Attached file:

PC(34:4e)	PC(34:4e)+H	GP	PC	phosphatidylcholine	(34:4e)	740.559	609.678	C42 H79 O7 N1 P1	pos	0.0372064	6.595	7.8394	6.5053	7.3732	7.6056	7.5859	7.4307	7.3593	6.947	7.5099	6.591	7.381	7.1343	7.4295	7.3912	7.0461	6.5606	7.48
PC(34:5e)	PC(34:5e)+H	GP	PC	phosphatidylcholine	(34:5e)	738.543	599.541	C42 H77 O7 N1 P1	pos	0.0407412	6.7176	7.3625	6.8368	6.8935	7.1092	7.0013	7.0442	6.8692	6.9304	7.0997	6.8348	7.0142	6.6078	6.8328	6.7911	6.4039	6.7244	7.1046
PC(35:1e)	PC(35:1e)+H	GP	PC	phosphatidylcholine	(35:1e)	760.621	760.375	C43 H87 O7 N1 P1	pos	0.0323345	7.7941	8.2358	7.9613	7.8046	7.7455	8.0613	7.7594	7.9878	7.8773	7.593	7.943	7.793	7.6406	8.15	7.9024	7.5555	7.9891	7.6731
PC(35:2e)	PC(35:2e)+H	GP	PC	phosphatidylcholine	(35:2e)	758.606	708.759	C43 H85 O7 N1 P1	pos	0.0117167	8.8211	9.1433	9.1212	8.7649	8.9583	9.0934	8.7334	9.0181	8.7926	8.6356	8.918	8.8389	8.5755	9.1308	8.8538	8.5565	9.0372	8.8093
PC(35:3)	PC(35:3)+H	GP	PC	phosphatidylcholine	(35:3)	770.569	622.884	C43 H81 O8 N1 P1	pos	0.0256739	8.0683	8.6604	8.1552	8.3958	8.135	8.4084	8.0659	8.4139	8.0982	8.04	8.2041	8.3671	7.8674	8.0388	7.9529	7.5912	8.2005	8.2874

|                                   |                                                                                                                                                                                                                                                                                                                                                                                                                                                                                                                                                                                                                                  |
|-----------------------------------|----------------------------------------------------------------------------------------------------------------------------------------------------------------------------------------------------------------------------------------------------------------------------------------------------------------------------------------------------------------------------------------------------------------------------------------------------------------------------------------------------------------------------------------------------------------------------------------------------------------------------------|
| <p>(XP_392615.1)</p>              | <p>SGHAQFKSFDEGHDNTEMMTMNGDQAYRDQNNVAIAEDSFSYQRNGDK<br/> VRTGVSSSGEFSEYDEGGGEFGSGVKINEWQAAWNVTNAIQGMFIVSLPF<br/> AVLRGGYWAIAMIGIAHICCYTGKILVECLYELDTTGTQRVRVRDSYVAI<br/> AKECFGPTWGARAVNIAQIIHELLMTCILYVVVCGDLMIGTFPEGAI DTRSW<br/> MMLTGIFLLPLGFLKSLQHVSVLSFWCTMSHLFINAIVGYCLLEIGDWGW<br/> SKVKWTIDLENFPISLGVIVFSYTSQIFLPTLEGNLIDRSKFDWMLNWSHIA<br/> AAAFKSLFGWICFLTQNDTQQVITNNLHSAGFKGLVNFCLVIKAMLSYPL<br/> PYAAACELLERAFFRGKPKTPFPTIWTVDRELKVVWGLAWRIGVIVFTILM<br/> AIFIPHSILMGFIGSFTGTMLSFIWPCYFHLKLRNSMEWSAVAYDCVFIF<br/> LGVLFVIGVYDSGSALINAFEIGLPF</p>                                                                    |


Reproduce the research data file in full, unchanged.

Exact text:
PC(34:4e)	PC(34:4e)+H	GP	PC	phosphatidylcholine	(34:4e)	740.559	609.678	C42 H79 O7 N1 P1	pos	0.0372064	6.595	7.8394	6.5053	7.3732	7.6056	7.5859	7.4307	7.3593	6.947	7.5099	6.591	7.381	7.1343	7.4295	7.3912	7.0461	6.5606	7.48
PC(34:5e)	PC(34:5e)+H	GP	PC	phosphatidylcholine	(34:5e)	738.543	599.541	C42 H77 O7 N1 P1	pos	0.0407412	6.7176	7.3625	6.8368	6.8935	7.1092	7.0013	7.0442	6.8692	6.9304	7.0997	6.8348	7.0142	6.6078	6.8328	6.7911	6.4039	6.7244	7.1046
PC(35:1e)	PC(35:1e)+H	GP	PC	phosphatidylcholine	(35:1e)	760.621	760.375	C43 H87 O7 N1 P1	pos	0.0323345	7.7941	8.2358	7.9613	7.8046	7.7455	8.0613	7.7594	7.9878	7.8773	7.593	7.943	7.793	7.6406	8.15	7.9024	7.5555	7.9891	7.6731
PC(35:2e)	PC(35:2e)+H	GP	PC	phosphatidylcholine	(35:2e)	758.606	708.759	C43 H85 O7 N1 P1	pos	0.0117167	8.8211	9.1433	9.1212	8.7649	8.9583	9.0934	8.7334	9.0181	8.7926	8.6356	8.918	8.8389	8.5755	9.1308	8.8538	8.5565	9.0372	8.8093
PC(35:3)	PC(35:3)+H	GP	PC	phosphatidylcholine	(35:3)	770.569	622.884	C43 H81 O8 N1 P1	pos	0.0256739	8.0683	8.6604	8.1552	8.3958	8.135	8.4084	8.0659	8.4139	8.0982	8.04	8.2041	8.3671	7.8674	8.0388	7.9529	7.5912	8.2005	8.2874

|                                   |                                                                                                                                                                                                                                                                                                                                                                                                                                                                                                                                                                                                                                  |
|-----------------------------------|----------------------------------------------------------------------------------------------------------------------------------------------------------------------------------------------------------------------------------------------------------------------------------------------------------------------------------------------------------------------------------------------------------------------------------------------------------------------------------------------------------------------------------------------------------------------------------------------------------------------------------|
| <p>(XP_392615.1)</p>              | <p>SGHAQFKSFDEGHDNTEMMTMNGDQAYRDQNNVAIAEDSFSYQRNGDK<br/> VRTGVSSSGEFSEYDEGGGEFGSGVKINEWQAAWNVTNAIQGMFIVSLPF<br/> AVLRGGYWAIAMIGIAHICCYTGKILVECLYELDTTGTQRVRVRDSYVAI<br/> AKECFGPTWGARAVNIAQIIHELLMTCILYVVVCGDLMIGTFPEGAI DTRSW<br/> MMLTGIFLLPLGFLKSLQHVSVLSFWCTMSHLFINAIVGYCLLEIGDWGW<br/> SKVKWTIDLENFPISLGVIVFSYTSQIFLPTLEGNLIDRSKFDWMLNWSHIA<br/> AAAFKSLFGWICFLTQNDTQQVITNNLHSAGFKGLVNFCLVIKAMLSYPL<br/> PYAAACELLERAFFRGKPKTPFPTIWTVDRELKVVWGLAWRIGVIVFTILM<br/> AIFIPHSILMGFIGSFTGTMLSFIWPCYFHLKLRNSMEWSAVAYDCVFIF<br/> LGVLFVIGVYDSGSALINAFEIGLPF</p>                                                                    |